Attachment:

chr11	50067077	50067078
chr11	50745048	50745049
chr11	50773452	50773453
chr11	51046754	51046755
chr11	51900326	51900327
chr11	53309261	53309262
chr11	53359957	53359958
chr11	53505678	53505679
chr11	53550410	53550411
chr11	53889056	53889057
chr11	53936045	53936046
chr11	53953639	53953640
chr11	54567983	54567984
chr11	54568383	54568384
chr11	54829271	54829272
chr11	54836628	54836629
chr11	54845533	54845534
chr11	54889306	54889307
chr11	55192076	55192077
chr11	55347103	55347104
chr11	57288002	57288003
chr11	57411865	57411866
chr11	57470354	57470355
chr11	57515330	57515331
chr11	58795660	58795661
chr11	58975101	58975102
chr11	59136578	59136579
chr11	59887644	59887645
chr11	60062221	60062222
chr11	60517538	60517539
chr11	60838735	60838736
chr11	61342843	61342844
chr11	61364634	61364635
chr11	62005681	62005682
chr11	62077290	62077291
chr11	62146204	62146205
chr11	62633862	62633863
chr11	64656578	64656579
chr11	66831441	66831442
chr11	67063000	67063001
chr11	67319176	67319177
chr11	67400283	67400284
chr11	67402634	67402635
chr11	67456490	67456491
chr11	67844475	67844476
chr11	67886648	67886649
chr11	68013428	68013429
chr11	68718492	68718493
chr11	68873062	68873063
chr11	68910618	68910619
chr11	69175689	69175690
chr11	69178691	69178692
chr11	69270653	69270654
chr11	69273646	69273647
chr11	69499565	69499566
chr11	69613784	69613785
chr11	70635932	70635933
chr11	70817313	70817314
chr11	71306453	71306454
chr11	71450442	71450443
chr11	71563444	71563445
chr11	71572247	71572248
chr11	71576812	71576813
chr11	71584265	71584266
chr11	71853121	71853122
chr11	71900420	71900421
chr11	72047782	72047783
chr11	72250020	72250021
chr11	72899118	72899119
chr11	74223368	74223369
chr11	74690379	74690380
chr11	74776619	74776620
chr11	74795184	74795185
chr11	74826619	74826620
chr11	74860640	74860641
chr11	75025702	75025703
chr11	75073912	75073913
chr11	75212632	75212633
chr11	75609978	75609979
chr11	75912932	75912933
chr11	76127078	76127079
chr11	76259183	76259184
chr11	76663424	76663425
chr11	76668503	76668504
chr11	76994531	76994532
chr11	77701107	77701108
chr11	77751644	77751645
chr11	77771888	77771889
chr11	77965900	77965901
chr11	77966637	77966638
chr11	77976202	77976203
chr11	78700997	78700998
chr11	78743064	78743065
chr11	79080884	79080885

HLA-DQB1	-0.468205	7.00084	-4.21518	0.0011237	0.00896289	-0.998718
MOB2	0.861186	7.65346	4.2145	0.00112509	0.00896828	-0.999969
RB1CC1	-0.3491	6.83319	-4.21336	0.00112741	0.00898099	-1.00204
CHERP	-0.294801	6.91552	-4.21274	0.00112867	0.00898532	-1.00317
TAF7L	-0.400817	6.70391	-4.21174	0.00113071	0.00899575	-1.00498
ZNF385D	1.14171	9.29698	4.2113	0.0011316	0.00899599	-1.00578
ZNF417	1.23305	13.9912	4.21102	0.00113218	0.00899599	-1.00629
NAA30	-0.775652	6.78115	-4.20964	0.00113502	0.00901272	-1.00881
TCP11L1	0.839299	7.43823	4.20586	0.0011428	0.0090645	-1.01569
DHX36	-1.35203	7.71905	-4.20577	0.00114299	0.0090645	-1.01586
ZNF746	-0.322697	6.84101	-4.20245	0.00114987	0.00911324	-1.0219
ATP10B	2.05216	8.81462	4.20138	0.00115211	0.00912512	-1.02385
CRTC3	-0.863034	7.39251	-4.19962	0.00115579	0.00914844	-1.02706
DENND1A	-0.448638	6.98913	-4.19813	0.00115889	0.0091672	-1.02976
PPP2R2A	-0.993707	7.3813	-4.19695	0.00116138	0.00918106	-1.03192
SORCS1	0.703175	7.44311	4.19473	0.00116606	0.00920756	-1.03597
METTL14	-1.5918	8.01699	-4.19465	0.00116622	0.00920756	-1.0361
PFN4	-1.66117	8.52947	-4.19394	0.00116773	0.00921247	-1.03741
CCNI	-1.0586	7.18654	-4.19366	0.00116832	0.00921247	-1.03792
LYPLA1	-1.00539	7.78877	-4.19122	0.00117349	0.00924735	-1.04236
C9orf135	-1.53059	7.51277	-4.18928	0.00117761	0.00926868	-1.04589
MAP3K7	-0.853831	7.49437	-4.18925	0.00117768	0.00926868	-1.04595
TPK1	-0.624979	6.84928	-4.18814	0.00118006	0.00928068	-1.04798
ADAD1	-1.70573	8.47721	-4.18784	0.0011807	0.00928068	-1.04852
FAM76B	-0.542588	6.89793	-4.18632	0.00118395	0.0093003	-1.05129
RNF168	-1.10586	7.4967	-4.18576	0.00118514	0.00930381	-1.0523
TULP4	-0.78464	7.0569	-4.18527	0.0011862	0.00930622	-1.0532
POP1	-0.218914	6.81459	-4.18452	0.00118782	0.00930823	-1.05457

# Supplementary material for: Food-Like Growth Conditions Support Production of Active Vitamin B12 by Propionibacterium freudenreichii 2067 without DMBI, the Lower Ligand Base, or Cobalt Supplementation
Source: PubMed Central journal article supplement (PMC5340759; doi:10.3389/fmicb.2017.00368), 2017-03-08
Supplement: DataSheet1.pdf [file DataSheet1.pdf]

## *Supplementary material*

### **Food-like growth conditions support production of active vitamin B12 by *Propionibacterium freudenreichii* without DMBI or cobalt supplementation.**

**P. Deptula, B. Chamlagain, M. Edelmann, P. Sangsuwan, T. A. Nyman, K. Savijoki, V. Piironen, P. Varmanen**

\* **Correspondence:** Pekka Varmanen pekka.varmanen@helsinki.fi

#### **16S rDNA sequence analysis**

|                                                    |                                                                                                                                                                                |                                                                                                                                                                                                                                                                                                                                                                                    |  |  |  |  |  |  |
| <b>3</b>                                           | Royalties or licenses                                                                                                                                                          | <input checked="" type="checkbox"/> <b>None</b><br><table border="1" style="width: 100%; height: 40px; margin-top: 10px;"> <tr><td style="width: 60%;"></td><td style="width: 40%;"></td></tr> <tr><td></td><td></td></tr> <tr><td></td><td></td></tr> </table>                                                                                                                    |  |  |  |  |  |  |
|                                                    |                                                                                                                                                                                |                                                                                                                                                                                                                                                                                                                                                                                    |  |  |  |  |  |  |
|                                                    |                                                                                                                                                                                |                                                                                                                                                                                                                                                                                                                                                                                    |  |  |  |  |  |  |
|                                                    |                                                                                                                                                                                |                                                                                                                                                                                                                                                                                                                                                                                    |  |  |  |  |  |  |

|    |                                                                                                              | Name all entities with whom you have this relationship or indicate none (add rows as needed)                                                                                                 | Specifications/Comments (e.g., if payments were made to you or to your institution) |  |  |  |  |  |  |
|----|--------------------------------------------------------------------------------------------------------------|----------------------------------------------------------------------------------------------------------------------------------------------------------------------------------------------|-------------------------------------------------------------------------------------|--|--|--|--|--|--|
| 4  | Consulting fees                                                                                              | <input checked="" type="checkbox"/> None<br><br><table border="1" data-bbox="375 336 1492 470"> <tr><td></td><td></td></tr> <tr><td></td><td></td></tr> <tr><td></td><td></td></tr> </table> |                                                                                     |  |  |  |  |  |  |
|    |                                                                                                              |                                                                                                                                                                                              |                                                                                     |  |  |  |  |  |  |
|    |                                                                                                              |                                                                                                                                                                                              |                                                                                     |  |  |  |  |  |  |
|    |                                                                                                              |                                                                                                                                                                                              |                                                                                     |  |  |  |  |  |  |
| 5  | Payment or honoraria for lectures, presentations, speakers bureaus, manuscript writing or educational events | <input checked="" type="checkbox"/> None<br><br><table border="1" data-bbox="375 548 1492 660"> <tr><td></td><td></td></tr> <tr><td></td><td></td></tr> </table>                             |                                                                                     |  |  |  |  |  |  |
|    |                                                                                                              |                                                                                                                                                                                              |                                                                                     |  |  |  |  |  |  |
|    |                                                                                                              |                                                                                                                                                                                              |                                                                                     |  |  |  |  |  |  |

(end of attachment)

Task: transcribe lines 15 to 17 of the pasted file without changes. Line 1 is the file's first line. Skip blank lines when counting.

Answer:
chr11	54829271	54829272
chr11	54836628	54836629
chr11	54845533	54845534